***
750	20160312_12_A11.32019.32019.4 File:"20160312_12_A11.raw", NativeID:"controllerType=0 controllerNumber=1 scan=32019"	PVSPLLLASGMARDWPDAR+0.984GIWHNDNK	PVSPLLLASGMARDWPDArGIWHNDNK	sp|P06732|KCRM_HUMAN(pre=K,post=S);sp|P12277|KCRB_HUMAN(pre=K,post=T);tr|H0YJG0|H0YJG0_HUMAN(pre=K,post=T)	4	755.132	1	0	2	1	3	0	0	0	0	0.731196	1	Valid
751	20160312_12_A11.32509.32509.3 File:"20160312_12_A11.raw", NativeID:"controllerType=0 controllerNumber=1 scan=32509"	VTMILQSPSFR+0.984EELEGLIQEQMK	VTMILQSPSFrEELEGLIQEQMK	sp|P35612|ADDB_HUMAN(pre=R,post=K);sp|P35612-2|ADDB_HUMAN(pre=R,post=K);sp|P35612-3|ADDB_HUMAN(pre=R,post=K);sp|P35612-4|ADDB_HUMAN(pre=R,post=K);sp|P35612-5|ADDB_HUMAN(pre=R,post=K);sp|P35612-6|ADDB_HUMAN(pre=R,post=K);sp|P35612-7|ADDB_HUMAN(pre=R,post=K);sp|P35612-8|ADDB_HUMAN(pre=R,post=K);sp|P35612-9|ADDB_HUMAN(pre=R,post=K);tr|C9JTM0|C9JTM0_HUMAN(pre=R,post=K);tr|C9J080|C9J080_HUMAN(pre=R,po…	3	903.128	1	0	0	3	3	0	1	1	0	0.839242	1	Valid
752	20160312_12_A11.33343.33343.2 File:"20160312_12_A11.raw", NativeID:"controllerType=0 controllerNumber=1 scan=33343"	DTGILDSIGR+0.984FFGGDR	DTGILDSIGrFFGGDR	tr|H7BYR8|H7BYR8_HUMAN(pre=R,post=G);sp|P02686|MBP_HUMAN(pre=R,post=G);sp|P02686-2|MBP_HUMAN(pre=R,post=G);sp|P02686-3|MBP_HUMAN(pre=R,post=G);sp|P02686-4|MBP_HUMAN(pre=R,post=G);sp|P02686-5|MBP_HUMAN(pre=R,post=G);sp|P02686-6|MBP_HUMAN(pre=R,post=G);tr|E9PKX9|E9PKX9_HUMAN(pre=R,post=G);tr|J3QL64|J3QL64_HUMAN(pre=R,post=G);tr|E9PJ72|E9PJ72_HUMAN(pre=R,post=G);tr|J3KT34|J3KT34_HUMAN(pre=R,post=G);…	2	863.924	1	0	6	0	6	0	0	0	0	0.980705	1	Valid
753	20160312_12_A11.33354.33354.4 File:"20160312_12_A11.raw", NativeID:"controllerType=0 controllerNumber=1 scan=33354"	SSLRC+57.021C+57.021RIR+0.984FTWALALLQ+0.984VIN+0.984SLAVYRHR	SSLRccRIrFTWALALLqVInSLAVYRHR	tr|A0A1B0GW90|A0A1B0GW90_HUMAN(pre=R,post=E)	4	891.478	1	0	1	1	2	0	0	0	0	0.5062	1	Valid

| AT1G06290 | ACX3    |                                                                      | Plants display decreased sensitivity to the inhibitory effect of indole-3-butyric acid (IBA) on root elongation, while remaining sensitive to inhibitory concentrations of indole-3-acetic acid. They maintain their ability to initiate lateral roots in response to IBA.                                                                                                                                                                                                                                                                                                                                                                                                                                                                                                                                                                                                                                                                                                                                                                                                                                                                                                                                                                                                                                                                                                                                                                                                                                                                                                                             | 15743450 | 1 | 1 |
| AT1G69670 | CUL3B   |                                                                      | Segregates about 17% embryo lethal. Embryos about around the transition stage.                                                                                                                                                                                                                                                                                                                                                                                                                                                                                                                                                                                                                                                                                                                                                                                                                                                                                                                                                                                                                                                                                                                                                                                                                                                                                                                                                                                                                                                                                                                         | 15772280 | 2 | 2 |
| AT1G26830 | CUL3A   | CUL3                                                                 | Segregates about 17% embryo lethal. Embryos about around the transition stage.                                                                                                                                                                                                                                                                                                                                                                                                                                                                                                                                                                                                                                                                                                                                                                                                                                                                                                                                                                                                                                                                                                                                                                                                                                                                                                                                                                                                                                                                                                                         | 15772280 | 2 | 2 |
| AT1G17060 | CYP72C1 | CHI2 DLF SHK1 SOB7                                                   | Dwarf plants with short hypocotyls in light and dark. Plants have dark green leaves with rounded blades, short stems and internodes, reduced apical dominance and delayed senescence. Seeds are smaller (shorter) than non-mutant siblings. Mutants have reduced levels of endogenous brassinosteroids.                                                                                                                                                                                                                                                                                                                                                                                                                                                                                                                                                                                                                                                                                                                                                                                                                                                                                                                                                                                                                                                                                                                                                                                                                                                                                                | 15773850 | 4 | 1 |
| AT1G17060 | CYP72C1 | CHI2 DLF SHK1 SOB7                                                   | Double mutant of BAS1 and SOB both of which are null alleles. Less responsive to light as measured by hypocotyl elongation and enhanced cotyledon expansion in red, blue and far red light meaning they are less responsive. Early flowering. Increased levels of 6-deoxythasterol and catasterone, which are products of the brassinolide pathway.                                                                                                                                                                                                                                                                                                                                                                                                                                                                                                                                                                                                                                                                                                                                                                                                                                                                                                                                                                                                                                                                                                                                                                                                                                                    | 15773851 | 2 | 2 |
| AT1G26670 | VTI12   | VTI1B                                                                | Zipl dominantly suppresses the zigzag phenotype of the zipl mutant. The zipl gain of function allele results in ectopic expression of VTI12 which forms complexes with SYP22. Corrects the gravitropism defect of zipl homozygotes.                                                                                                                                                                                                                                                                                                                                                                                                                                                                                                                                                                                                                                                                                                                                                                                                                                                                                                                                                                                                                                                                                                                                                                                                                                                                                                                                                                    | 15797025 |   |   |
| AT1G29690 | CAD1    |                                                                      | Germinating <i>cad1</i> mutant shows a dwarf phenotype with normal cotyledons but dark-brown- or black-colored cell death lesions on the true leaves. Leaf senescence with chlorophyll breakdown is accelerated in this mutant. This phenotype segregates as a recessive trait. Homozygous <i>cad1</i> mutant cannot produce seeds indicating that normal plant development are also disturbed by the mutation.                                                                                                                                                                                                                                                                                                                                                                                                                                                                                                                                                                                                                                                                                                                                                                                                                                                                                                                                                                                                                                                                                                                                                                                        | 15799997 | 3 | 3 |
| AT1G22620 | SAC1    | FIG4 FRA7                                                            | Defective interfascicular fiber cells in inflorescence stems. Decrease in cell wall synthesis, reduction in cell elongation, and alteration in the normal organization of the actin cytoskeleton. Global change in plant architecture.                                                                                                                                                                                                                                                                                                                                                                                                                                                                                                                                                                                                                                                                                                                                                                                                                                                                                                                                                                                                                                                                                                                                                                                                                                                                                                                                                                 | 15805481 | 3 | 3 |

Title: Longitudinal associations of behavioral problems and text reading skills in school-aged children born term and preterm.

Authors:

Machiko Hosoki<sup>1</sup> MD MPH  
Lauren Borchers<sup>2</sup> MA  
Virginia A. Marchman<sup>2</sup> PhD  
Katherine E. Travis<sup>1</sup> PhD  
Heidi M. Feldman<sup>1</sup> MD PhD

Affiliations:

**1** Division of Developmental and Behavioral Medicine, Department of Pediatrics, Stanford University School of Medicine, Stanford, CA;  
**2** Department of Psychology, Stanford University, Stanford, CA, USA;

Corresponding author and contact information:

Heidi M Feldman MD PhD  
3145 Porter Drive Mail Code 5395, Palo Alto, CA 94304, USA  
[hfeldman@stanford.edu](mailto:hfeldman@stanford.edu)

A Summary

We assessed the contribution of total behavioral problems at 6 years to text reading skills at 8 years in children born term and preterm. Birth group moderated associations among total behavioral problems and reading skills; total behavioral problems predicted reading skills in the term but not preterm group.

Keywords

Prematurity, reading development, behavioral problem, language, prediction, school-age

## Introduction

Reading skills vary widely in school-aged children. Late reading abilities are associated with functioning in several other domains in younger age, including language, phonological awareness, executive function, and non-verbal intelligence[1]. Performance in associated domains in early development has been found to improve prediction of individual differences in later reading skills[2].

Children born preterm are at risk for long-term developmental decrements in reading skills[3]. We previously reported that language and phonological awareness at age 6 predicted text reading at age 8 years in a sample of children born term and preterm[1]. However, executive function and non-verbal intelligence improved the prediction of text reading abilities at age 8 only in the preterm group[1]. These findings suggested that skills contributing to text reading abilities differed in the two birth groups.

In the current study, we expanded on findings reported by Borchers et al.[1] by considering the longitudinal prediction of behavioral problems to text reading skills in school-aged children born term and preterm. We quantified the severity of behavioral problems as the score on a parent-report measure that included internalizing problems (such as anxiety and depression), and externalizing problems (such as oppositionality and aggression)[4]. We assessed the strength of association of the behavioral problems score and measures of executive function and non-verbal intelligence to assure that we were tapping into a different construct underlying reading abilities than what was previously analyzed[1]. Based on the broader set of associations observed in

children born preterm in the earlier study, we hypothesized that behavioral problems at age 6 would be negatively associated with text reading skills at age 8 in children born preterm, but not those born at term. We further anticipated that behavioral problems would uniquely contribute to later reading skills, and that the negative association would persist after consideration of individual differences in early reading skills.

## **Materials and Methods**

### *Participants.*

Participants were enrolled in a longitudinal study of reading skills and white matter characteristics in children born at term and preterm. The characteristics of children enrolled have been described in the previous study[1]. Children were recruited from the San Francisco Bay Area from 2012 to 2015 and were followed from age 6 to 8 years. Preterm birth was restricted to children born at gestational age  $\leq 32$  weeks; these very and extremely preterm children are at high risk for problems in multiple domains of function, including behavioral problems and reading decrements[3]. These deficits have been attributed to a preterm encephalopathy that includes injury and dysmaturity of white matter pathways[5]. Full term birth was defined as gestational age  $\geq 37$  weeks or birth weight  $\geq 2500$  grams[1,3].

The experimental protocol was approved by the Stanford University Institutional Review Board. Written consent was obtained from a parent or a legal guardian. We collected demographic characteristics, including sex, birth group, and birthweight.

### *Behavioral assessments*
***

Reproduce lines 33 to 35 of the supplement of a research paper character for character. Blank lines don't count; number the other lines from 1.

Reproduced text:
Children born preterm are at risk for long-term developmental decrements in reading skills[3]. We previously reported that language and phonological awareness at age 6 predicted text reading at age 8 years in a sample of children born term and preterm[1]. However, executive function and non-verbal intelligence improved the prediction of text reading abilities at age 8 only in the preterm group[1]. These findings suggested that skills contributing to text reading abilities differed in the two birth groups.

In the current study, we expanded on findings reported by Borchers et al.[1] by considering the longitudinal prediction of behavioral problems to text reading skills in school-aged children born term and preterm. We quantified the severity of behavioral problems as the score on a parent-report measure that included internalizing problems (such as anxiety and depression), and externalizing problems (such as oppositionality and aggression)[4]. We assessed the strength of association of the behavioral problems score and measures of executive function and non-verbal intelligence to assure that we were tapping into a different construct underlying reading abilities than what was previously analyzed[1]. Based on the broader set of associations observed in

children born preterm in the earlier study, we hypothesized that behavioral problems at age 6 would be negatively associated with text reading skills at age 8 in children born preterm, but not those born at term. We further anticipated that behavioral problems would uniquely contribute to later reading skills, and that the negative association would persist after consideration of individual differences in early reading skills.